Saif Is the Reason Kaalakaandi Works Despite Its Lows
Kaalakaandi is fun in parts and one which the ubiquitous multiplex audience might like.
Saif Is the Reason ‘Kaalakaandi’ Works Even in Its Dipping Points
Often film reviewers and critics tend to say certain niche films are meant "for multiplex audiences". I do not know what that means but I'm tempted to borrow it and say that Kaalakaandi, which marks the directorial debut of Delhi Belly writer Akshat Verma, will appeal to this particular category of people! But who constitutes this multiplex audience? The ones who shop at Zara? Prefer English to Hindi? Or just the ones who enjoyed Delhi Belly, have an appetite to stomach "regular se hatke" ideas and have a fondness for Saif Ali Khan's suave style .
Much is being made about Kaalakaandi being another Delhi Belly. There are of course some familiar faces and a similar irreverent style of storytelling but Kaalakaandi is tripping to its own tune (pun intended).
For starters, there are just too many characters to take in.
One night in Mumbai, the six main characters cross paths thanks to karma and coincidence. Saif (who remains unnamed till the very end of the film) is nearing death after being diagnosed with stomach cancer. Numbed by the news and high on the "pill" his relative gives him, he sets off with his cousin Angad (Akshat Oberoi) on what can at best be described as an adventurous drive around the city.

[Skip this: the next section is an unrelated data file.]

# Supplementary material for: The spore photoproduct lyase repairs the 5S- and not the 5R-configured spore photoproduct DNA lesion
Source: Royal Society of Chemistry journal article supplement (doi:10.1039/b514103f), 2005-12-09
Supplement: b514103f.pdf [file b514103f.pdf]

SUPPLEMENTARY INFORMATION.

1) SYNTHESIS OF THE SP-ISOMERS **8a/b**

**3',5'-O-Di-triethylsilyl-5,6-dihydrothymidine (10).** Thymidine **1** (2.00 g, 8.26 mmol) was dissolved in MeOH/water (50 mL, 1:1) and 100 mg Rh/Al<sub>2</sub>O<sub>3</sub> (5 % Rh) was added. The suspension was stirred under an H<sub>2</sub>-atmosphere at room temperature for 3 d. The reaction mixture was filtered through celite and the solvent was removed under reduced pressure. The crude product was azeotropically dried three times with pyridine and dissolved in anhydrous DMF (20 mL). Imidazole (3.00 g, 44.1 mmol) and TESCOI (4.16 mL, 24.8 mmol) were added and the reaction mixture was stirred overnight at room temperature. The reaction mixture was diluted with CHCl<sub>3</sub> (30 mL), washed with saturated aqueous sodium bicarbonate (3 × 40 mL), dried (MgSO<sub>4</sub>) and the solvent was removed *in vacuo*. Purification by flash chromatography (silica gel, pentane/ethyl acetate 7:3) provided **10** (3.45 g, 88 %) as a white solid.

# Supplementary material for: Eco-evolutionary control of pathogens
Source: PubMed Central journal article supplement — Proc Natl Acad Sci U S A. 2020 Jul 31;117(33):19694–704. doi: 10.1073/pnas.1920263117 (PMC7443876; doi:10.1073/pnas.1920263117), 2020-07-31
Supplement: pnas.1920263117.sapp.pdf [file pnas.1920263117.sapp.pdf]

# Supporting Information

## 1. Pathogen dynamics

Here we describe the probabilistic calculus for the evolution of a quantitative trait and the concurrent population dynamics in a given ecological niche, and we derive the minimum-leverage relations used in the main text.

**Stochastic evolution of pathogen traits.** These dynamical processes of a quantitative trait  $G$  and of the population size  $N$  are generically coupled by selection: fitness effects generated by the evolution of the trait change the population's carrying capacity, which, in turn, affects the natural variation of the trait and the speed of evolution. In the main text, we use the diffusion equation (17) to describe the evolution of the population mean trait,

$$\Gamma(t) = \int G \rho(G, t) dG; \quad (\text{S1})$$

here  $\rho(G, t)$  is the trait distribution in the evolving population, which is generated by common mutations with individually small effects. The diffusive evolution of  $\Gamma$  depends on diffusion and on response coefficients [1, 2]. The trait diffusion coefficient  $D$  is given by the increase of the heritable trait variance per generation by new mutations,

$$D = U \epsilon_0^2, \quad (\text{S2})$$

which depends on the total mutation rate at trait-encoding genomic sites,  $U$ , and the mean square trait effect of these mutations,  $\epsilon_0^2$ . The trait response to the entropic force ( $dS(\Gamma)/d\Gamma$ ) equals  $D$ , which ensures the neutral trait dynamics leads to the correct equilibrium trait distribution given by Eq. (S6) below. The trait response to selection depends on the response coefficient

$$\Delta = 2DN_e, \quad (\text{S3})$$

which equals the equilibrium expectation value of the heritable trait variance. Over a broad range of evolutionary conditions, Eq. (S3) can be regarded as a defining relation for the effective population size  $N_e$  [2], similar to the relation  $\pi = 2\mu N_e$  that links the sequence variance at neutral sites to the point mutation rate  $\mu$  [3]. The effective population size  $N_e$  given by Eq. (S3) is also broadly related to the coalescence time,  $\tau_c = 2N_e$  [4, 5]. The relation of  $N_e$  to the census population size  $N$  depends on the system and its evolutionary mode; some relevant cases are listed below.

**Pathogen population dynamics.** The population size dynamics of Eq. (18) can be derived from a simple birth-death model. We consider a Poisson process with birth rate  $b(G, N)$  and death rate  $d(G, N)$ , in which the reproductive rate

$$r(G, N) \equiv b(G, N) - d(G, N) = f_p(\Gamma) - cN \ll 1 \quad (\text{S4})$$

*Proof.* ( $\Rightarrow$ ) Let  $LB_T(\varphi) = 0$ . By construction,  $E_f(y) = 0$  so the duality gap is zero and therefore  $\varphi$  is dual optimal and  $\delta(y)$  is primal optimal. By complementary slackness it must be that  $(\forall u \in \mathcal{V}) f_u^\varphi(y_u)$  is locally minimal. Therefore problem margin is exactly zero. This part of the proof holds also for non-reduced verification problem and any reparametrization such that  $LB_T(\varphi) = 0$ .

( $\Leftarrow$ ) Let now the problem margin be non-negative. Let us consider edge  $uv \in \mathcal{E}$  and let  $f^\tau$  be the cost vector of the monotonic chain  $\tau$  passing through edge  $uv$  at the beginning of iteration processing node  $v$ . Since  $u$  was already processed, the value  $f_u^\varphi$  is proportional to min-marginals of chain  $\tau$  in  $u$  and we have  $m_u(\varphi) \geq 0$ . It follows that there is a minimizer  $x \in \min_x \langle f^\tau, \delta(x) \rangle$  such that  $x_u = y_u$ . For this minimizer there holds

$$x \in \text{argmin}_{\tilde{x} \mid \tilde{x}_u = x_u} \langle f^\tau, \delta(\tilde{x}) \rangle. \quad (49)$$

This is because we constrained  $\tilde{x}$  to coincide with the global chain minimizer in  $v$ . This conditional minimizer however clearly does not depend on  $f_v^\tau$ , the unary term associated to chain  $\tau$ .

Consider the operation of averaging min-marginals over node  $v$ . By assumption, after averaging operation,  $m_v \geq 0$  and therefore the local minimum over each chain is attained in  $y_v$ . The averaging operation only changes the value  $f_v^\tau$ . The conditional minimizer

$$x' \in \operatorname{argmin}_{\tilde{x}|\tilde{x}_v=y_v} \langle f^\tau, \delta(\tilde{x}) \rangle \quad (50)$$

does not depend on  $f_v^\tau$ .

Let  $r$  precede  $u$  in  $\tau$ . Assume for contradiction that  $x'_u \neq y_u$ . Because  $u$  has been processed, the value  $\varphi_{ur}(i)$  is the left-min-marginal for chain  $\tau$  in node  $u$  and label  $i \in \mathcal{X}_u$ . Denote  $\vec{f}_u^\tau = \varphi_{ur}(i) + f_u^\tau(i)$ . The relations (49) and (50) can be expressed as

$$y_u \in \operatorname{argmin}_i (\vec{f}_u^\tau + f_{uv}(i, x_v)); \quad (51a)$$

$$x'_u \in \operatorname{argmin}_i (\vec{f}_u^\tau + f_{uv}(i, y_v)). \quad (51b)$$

Angad, meanwhile, is on a different tangent feeling jittery about his shaadi. Then there is a jealous boyfriend (Kunal Roy Kapoor) sulking as his girlfriend (Sobhita Dhuliapala) is flying off to Boston to do her PhD.
In another part of the city, two small time crooks (Vijay Raaz and Deepak Dobriyal) are trying to hatch plans to smuggle the money they must deliver to their boss. It's a busy night with many twists thrown in, but Saif has the most colourful excursion of them all and one we most enjoy witnessing.
The primary reason Kaalakaandi works despite straying off multiple times into ‘blah’ territory is lead actor Saif Ali Khan. Self assured, wearing his edginess without much ado, he manages to look convincing even when he sees dolphins jumping around him or when genuinely rueing the lack of time he has at hand – an absolute delight!
The ensemble cast comprising Vijay Raza and Deepak Dobriyal deliver yet again with their perfectly timed repartees. And while the lack of depth in the characters at times spoils the fun, Sobhita Dhuliapala, Kunal Roy Kapur and Shenaz Treasurywala are still on their best behaviour.
A special mention for Nary Singh (Sheela) whose scenes with Saif Ali Khan are some of the most heartwarming moments in the film. Those are the times that show the highs that Kaalakaandi could have touched if only the writing had been a little more taut and gripping.
Over all, Kaalakaandi is fun in parts and one which the ubiquitous multiplex audience might like. It's A-rated, so make sure to leave your Taimurs at home. I give it 3 quints out of 5.
Producer: Abhishek Ranjan
Camera: Shiv Maurya
Editor: Puneet Bhatia
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